52. Palacios-Gimenez OM, Castillo ER, Martí DA, Cabral-de-Mello DC (2013) Tracking the evolution of sex chromosome systems in Melanoplinae grasshoppers through chromosomal mapping of repetitive DNA sequences. BMC Evol Biol 13:167PubMedCentralCrossRefPubMedGoogle Scholar
  53. Pinkel D, Straume T, Gray JW (1986) Cytogenetic analysis using quantitative, high sensitivity, fluorescence hybridization. Proc Natl Acad Sci U S A 83:2934–2938PubMedCentralCrossRefPubMedGoogle Scholar
  54. Pokorná M, Giovannotti M, Kratochvíl L, Kasai F, Trifonov VA, O’Brien PCM, Caputo C, Olmo E, Ferguson-Smith MA, Rens W (2011a) Strong conservation of the bird Z chromosome in reptilian genomes is revealed by comparative painting despite 275 million years divergence. Chromosoma 120:455–468CrossRefPubMedGoogle Scholar
  55. Pokorná M, Kratochvíl L, Kejnovský E (2011b) Microsatellite distribution on sex chromosomes at different stages of heteromorphism and heterochromatinization in two lizard species (Squamata: Eublepharidae: Coleonyx elegans and Lacertidae: Eremias velox). BMC Genet 12:90PubMedCentralCrossRefPubMedGoogle Scholar
  56. Rice WR (1996) Evolution of the Y sex chromosome in animals. Bioscience 46:331–343CrossRefGoogle Scholar
  57. Sambrook J, Russel DW (2001) Molecular cloning. A laboratory manual, 3rd edn. Cold Spring Harbor Laboratory Press, New YorkGoogle Scholar
  58. Skaletsky H, Kuroda-Kawaguchi T, Minx PJ et al (2003) The male-specific region of the human Y chromosome is a mosaic of discrete sequence classes. Nature 423:825–837CrossRefPubMedGoogle Scholar
  59. Sotero-Caio CG, de Souza MJ, Cabral-de-Mello DC, Brasileiro-Vidal AC, Guerra M (2011) Phosphorylation of histone H3S10 in animal chromosomes: is there a uniform pattern? Cytogenet Genome Res 135:111–117CrossRefPubMedGoogle Scholar
  60. Steinemann M, Steinemann S (1997) The enigma of Y chromosome degeneration: TRAM, a novel retrotransposon is preferentially located on the neo-Y chromosome of Drosophila miranda. Genetics 145:261–266PubMedCentralPubMedGoogle Scholar
  61. Steinemann S, Steinemann M (2005) Retroelements: tools for sex chromosome evolution. Cytogenet Genome Res 110:134–143CrossRefPubMedGoogle Scholar
  62. Sumner AT (1972) A simple technique for demonstrating centromeric heterochromatin. Exp Cell Res 75:304–306CrossRefPubMedGoogle Scholar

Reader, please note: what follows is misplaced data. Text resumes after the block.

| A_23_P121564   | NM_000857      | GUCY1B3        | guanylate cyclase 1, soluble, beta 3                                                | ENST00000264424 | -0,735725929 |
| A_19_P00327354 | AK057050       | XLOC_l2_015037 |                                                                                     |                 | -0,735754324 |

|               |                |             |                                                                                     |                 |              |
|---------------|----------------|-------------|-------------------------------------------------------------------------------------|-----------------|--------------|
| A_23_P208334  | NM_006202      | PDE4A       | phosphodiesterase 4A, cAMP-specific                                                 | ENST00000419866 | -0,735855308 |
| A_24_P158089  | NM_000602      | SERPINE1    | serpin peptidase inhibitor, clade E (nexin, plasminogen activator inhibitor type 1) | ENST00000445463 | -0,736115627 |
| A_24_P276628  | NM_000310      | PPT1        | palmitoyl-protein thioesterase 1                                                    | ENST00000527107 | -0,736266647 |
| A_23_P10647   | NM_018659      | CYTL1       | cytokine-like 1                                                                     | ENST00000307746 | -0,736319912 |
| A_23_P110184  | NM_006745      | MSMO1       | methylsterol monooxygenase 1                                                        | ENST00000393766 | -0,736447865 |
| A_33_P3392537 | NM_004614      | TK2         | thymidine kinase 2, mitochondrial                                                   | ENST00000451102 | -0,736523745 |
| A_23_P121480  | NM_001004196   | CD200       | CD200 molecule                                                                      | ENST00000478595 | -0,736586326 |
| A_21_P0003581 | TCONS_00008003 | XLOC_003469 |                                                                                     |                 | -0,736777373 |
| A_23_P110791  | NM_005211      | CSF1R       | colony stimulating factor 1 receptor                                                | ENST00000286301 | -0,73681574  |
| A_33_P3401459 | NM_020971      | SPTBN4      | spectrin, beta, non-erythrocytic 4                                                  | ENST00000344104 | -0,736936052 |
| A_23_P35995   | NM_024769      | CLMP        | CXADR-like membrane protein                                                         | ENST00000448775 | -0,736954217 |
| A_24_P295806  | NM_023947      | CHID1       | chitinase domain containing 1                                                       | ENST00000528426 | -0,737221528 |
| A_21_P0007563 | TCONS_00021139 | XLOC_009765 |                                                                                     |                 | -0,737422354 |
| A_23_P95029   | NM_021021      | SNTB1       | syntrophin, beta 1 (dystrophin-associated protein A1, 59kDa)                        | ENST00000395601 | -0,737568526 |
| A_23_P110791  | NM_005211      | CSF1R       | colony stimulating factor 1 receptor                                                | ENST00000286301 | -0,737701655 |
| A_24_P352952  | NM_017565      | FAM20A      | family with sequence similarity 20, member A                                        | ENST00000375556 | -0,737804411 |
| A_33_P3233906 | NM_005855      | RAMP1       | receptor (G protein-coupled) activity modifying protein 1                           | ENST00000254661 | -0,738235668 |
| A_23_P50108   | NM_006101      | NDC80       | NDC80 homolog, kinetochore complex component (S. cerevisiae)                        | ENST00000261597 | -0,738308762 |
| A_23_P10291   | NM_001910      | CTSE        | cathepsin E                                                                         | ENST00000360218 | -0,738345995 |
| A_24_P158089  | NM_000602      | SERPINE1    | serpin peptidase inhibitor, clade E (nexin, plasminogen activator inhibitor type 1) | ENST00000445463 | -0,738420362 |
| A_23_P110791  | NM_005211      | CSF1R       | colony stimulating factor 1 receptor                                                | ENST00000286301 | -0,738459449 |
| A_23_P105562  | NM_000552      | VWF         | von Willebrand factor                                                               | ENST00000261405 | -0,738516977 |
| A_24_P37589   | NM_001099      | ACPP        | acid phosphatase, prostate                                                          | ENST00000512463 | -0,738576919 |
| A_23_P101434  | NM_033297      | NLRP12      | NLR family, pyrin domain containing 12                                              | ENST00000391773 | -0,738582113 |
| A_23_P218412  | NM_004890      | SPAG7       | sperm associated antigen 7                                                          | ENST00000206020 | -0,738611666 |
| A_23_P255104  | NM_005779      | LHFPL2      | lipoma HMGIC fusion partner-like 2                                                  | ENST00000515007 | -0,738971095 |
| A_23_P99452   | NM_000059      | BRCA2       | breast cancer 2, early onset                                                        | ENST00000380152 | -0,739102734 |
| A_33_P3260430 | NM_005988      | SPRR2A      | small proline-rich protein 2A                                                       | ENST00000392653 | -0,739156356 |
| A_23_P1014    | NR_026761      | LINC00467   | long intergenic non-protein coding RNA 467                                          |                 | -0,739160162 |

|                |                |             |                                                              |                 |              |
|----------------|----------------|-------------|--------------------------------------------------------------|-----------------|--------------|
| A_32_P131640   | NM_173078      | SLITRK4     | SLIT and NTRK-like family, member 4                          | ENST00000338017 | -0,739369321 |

63. Tamura K, Peterson D, Stecher G, Nei M, Kumar S (2011) Molecular evolutionary genetics using maximum likelihood, evolutionary distance, and maximum parsimony methods. Mol Biol Evol 28:2731–2739PubMedCentralCrossRefPubMedGoogle Scholar
  64. Traut W, Sahara K, Marec F (2007) Sex chromosomes and sex determination in Lepidoptera. Sex Dev 1:332–346CrossRefPubMedGoogle Scholar
  65. Turner BM, Birley AJ, Lavender J (1992) Histone H4 isoforms acetylated at specific lysine residues define individual chromosomes and chromatin domains in Drosophila polytene nuclei. Cell 69:375–384CrossRefPubMedGoogle Scholar
  66. Turner JMA, Shantha K, Mahadevaiah RB, Offenberg HH, Heyting C, Burgoyne PS (2000) Analysis of male meiotic “sex-body” proteins during XY female meiosis provides new insights into their functions. Chromosoma 109:426–432CrossRefPubMedGoogle Scholar
  67. Vítková M, Fukova I, Kubíčková S, Marec F (2007) Molecular divergence of the W chromosomes in pyralid moths (Lepidoptera). Chromosome Res 15:917–930CrossRefPubMedGoogle Scholar
  68. Webb GC, White MJD, Contreras N, Cheney J (1978) Cytogenetics of the parthogenetic grasshopper Warramaba (formely Moraba) virgo and its bisexual relatives. IV. Chromosome banding studies. Chromosoma 67:309–339CrossRefGoogle Scholar
  69. White MJD (1973) Animal cytology and evolution. Cambridge University Press, CambridgeGoogle Scholar
  70. Yoshido A, Šíchová J, Kubíčková S, Marec F, Sahara K (2013) Rapid turnover of the W chromosome in geographical populations of wild silkmoths, Samia cynthia ssp. Chromosome Res 21:149–164CrossRefPubMedGoogle Scholar
  71. Zhou Q, Ellison CE, Kaiser VB, Alekseyenko AA, Gorchakov AA, Bachtrog D (2013) The epigenome of evolving Drosophila neo-sex chromosomes: dosage compensation and heterochromatin formation. PLoS Biol 11:e1001711PubMedCentralCrossRefPubMedGoogle Scholar
  72. Zwick MS, Hanson RE, McKnight TD, Nurul-Islam-Faridi M, Stelly DM (1997) A rapid procedure for the isolation of C 0 t–1 DNA from plants. Genome 40:138–142CrossRefPubMedGoogle Scholar

Copyright information

© Springer-Verlag Berlin Heidelberg 2015

Authors and Affiliations

  • O. M. Palacios-Gimenez
    • 1
  • D. A. Marti
    • 2
  • D. C. Cabral-de-Mello
    • 1
  1. 1.Departamento de BiologiaUNESP—Univ Estadual Paulista, Instituto de Biociências/IBRio ClaroBrazil
  2. 2.Laboratorio de Genética Evolutiva, IBS, Facultad de Ciencias Exactas, Químicas y NaturalesUniversidad Nacional de Misiones, CONICETPosadasArgentina

Personalised recommendations